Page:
Rather than Chasing Threats, Homeland Security Dives into Risk

Rather than Chasing Threats, Homeland Security Dives into Risk


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The first CyberCast episode explores how cyber relies on proper risk management.

Election infrastructure became officially recognized as a critical infrastructure subsector in 2017, and the Homeland Security Department has been working with federal, state and local partners to bolster information sharing and provide the resources needed to secure election systems and plan for response.

Election integrity is just one of the many topics Christopher Krebs, DHS undersecretary of the National Protection and Programs Directorate, talks about on the inaugural episode of CyberCast.

“I’ve spent a lot of time over the last year or so focused on the election security issue,” he tells podcast hosts Kiersten Todt and Roger Cressey. “The interesting thing about the way elections are run in the U.S.  . . .  it falls to the responsibility of state and local governments to administer and execute even national elections.”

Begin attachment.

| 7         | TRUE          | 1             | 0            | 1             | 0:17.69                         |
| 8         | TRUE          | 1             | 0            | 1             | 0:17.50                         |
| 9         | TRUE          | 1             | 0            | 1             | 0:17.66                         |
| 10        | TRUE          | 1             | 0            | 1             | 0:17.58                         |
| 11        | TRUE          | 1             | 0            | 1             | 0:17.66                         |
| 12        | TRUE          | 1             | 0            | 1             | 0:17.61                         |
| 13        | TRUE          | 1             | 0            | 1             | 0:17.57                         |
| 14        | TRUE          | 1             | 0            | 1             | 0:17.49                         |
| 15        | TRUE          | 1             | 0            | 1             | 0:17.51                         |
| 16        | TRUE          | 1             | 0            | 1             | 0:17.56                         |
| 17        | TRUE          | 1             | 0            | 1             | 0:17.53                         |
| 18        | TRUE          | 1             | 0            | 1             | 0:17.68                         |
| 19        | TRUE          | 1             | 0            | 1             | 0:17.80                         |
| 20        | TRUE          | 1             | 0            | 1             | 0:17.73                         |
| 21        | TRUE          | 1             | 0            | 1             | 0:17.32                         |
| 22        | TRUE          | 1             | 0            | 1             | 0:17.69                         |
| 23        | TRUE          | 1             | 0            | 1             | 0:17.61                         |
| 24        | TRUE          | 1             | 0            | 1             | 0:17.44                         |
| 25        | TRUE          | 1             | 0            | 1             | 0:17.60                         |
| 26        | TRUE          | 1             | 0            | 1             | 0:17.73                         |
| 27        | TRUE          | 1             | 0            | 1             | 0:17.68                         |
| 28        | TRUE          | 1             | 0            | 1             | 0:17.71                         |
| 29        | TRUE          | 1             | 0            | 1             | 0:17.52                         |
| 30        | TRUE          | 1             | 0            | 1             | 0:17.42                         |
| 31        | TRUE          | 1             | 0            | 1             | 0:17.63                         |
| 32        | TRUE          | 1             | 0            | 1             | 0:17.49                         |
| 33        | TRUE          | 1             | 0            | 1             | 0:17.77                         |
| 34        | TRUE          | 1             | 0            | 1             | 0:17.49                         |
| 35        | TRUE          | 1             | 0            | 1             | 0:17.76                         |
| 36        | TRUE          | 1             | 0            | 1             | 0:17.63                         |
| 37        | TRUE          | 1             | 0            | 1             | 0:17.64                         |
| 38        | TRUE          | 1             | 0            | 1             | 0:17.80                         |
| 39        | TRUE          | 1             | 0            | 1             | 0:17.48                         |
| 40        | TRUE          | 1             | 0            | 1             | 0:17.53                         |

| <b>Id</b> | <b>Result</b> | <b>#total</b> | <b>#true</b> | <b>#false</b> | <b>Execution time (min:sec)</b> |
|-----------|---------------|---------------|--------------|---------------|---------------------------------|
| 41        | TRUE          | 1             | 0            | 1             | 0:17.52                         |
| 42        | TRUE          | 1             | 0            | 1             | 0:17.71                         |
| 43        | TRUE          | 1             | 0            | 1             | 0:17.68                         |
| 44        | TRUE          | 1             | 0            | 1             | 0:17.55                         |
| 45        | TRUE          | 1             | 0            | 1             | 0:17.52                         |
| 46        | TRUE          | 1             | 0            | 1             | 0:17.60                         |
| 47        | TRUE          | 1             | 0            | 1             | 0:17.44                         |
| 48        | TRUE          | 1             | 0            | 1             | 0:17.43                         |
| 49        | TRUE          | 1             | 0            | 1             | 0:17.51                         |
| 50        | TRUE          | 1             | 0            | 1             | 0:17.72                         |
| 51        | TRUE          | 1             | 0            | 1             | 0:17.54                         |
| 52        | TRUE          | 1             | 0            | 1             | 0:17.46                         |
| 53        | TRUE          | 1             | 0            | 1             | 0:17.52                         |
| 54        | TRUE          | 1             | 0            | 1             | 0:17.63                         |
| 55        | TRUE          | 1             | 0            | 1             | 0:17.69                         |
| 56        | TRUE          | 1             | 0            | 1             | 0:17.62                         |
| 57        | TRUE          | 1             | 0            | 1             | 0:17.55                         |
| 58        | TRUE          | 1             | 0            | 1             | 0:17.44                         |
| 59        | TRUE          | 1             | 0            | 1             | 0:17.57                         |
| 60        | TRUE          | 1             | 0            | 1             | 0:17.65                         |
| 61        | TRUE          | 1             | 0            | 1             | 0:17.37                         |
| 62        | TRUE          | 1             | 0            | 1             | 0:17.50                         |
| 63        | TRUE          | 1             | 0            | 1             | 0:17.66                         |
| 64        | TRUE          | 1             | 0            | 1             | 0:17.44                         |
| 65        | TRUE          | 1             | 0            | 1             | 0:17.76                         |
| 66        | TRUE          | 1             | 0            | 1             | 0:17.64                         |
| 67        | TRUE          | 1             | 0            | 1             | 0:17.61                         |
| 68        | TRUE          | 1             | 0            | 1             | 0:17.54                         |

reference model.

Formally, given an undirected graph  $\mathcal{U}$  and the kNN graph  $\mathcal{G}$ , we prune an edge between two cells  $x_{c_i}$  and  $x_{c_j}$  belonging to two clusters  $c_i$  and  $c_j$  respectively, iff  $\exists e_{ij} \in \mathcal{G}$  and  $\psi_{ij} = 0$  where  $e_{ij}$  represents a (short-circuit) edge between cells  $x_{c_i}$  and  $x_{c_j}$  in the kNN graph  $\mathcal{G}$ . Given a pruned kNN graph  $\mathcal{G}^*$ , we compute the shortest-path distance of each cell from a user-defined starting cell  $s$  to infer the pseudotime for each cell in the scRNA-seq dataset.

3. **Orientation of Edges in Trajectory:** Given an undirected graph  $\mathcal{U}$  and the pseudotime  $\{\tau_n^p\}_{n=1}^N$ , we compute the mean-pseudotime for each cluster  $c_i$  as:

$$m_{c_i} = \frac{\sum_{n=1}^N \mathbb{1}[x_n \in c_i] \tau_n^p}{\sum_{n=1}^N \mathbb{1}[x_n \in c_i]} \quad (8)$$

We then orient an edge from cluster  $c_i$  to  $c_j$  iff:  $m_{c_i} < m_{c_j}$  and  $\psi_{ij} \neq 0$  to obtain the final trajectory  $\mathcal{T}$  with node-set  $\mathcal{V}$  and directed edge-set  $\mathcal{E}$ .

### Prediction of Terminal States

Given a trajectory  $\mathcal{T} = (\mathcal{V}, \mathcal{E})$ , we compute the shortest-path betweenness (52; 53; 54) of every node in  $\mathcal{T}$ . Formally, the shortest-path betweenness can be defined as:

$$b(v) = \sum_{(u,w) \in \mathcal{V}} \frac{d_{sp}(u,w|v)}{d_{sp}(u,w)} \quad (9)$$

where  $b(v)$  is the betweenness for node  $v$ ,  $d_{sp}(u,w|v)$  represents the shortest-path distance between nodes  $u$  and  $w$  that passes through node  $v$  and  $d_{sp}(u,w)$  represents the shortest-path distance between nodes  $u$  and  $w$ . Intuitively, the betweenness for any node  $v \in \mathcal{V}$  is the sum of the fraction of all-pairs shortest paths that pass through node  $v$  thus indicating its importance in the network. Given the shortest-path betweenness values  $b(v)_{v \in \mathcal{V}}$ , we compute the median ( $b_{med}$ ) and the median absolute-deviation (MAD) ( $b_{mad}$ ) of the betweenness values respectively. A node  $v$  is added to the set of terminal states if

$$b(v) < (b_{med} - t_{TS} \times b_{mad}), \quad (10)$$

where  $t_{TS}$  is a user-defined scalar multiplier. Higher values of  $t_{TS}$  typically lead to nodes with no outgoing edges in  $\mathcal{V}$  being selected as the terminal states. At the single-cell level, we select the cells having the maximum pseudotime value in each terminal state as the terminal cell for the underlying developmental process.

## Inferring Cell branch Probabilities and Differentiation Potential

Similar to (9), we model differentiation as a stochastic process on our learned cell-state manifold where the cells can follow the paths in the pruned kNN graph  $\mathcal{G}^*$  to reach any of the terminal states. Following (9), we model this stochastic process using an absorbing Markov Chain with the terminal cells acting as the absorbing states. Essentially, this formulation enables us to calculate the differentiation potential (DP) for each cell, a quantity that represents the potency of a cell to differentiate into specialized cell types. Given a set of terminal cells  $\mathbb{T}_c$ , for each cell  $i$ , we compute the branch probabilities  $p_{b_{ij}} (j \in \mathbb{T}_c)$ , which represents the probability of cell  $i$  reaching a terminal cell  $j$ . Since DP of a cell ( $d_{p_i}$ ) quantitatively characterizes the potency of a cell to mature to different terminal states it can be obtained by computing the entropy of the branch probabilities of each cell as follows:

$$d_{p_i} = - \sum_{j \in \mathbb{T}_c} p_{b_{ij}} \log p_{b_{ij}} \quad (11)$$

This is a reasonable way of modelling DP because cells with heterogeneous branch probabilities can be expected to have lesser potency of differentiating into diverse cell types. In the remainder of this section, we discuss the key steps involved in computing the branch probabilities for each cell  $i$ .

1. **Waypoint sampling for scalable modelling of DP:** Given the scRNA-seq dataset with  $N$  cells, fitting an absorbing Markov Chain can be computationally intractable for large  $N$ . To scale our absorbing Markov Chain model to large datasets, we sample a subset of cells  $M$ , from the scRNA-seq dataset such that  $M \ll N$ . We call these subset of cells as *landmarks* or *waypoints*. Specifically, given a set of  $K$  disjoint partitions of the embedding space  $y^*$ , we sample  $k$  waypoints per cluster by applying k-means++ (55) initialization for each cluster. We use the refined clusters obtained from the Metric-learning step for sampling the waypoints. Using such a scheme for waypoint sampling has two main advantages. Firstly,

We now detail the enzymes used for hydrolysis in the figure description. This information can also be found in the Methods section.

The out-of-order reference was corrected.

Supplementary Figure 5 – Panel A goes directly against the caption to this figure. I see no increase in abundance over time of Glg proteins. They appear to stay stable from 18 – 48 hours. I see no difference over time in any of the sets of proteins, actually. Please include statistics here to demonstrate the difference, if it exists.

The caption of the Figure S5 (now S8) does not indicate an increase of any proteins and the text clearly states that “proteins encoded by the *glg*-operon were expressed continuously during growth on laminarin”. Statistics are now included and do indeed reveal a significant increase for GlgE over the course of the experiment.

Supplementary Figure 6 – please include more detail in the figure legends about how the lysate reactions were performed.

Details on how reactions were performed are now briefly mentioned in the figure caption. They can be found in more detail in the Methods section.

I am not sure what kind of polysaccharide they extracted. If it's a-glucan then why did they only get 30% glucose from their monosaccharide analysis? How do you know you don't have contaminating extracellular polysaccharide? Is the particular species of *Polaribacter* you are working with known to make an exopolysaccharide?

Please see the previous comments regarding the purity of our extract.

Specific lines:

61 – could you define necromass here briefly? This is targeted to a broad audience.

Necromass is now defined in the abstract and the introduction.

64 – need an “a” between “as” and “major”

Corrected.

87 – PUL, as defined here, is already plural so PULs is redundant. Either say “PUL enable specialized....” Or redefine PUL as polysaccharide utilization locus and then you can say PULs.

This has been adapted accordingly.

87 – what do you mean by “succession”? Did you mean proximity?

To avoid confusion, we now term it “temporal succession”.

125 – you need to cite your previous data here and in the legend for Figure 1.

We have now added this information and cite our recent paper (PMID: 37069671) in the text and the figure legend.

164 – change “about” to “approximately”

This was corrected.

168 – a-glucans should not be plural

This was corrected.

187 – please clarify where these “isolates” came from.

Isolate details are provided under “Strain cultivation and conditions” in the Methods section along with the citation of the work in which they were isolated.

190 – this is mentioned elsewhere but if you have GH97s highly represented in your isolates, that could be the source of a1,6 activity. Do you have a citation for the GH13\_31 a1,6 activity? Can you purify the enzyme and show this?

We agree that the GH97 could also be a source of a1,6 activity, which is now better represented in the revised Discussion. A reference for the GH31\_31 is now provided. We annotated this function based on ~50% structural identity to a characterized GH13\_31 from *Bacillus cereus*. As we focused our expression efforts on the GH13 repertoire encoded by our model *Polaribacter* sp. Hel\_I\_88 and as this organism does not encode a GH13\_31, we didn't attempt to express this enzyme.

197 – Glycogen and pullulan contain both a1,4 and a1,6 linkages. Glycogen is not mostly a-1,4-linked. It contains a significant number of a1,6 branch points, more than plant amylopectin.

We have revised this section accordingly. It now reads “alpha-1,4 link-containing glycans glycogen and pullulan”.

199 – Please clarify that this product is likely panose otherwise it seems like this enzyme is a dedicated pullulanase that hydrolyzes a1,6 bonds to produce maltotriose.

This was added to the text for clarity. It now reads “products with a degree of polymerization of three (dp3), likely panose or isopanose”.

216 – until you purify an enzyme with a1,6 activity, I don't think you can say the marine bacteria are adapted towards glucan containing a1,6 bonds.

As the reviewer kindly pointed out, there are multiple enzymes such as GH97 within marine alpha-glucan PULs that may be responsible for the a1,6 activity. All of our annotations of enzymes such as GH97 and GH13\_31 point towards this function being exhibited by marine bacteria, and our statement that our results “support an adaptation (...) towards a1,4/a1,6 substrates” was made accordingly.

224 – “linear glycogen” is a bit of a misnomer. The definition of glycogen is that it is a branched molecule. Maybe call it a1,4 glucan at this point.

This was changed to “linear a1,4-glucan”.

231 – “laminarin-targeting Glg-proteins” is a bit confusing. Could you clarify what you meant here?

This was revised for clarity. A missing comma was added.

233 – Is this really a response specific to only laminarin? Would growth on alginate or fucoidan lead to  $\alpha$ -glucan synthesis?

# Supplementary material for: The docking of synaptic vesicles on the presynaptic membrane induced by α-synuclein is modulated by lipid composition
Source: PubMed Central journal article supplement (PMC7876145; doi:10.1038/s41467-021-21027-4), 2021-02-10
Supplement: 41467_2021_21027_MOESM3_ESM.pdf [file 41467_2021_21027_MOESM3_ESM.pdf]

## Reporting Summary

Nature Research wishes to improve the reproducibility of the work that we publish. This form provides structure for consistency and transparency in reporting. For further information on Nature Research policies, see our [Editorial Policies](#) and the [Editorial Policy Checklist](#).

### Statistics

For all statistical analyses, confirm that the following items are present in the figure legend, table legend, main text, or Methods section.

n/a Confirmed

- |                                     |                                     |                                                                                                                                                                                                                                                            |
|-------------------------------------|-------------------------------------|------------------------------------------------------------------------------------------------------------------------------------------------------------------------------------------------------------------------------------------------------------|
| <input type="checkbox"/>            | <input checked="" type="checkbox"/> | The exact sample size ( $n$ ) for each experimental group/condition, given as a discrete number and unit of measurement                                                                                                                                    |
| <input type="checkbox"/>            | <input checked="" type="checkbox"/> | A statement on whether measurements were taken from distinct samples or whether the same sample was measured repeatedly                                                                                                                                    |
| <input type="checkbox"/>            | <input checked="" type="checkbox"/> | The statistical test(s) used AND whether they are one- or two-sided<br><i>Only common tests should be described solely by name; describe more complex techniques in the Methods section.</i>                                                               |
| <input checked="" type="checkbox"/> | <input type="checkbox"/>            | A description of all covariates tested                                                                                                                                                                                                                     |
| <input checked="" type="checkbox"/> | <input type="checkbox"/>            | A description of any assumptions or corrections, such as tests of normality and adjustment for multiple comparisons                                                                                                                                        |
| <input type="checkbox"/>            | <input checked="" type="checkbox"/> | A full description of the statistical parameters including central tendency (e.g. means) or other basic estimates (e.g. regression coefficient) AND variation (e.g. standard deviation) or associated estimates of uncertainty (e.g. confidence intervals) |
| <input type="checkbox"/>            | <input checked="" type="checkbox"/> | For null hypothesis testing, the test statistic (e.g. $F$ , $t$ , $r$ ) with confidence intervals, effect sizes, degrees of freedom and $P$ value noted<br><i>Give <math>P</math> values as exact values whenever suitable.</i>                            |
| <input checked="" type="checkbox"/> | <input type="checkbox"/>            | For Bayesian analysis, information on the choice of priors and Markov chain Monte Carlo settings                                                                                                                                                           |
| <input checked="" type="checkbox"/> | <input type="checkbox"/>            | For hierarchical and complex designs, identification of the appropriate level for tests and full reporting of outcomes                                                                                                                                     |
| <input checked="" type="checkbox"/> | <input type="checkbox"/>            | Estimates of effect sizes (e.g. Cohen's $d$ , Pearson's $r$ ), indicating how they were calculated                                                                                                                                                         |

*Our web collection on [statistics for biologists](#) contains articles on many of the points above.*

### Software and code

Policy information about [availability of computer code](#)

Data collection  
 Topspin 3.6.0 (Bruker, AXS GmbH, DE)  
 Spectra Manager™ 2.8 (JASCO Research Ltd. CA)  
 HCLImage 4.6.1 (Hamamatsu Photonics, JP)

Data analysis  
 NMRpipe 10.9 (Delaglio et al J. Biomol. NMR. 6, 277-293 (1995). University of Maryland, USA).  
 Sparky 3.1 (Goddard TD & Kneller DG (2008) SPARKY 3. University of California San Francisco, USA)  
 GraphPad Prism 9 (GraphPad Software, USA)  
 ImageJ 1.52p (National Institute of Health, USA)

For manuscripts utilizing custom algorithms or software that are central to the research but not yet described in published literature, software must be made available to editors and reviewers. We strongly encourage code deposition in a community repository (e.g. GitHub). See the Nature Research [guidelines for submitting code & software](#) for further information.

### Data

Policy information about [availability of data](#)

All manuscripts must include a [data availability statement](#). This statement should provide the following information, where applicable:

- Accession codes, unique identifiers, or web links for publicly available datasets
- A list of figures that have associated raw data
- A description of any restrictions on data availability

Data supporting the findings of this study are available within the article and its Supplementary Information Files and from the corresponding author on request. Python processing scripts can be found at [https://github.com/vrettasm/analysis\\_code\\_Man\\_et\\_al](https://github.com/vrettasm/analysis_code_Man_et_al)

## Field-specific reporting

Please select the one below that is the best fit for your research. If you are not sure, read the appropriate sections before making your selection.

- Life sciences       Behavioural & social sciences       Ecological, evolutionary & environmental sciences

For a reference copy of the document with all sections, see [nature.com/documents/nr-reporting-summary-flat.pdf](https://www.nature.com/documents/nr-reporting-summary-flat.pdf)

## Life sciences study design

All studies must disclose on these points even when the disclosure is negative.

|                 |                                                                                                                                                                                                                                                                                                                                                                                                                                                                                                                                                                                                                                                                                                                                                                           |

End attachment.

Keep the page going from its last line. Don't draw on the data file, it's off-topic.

That’s close to 10,000 election jurisdictions nationally, Krebs says. From a broader IT security perspective, state and local governments are not necessarily resourced on an annual basis for equipment refreshes, like upgrading licensing for operating systems or platforms. So, Krebs says DHS works to provide intelligence and information sharing, technical services, and instant response planning and exercises.

And part of the technical services is risk and vulnerability assessments.

“RVA is one of the topshelf offerings we provide,” Krebs says. It involves penetration testing and proper configuration evaluations in order to deploy the proper security footing. And what those RVA assessments are showing is basic cybersecurity hygiene needs; such as patching and updating, and appropriate administration of accounts and privilege limitations.

And in terms of information sharing and intelligence, Krebs says DHS is working to get the security clearances needed for state election officials. His division created the Election Infrastructure Information Sharing and Analysis Center, or the EI-ISAC, in February. In its first three months, the center reached participation from senior election officials in all 50 states.  

Tune in to the weekly CyberCast to hear more about how DHS is preparing election security pilots that could scale in time for the 2020 elections. Plus, learn why focusing on contextualizing risk management, rather than chasing every cyberthreat is where DHS is pivoting its critical infrastructure security model.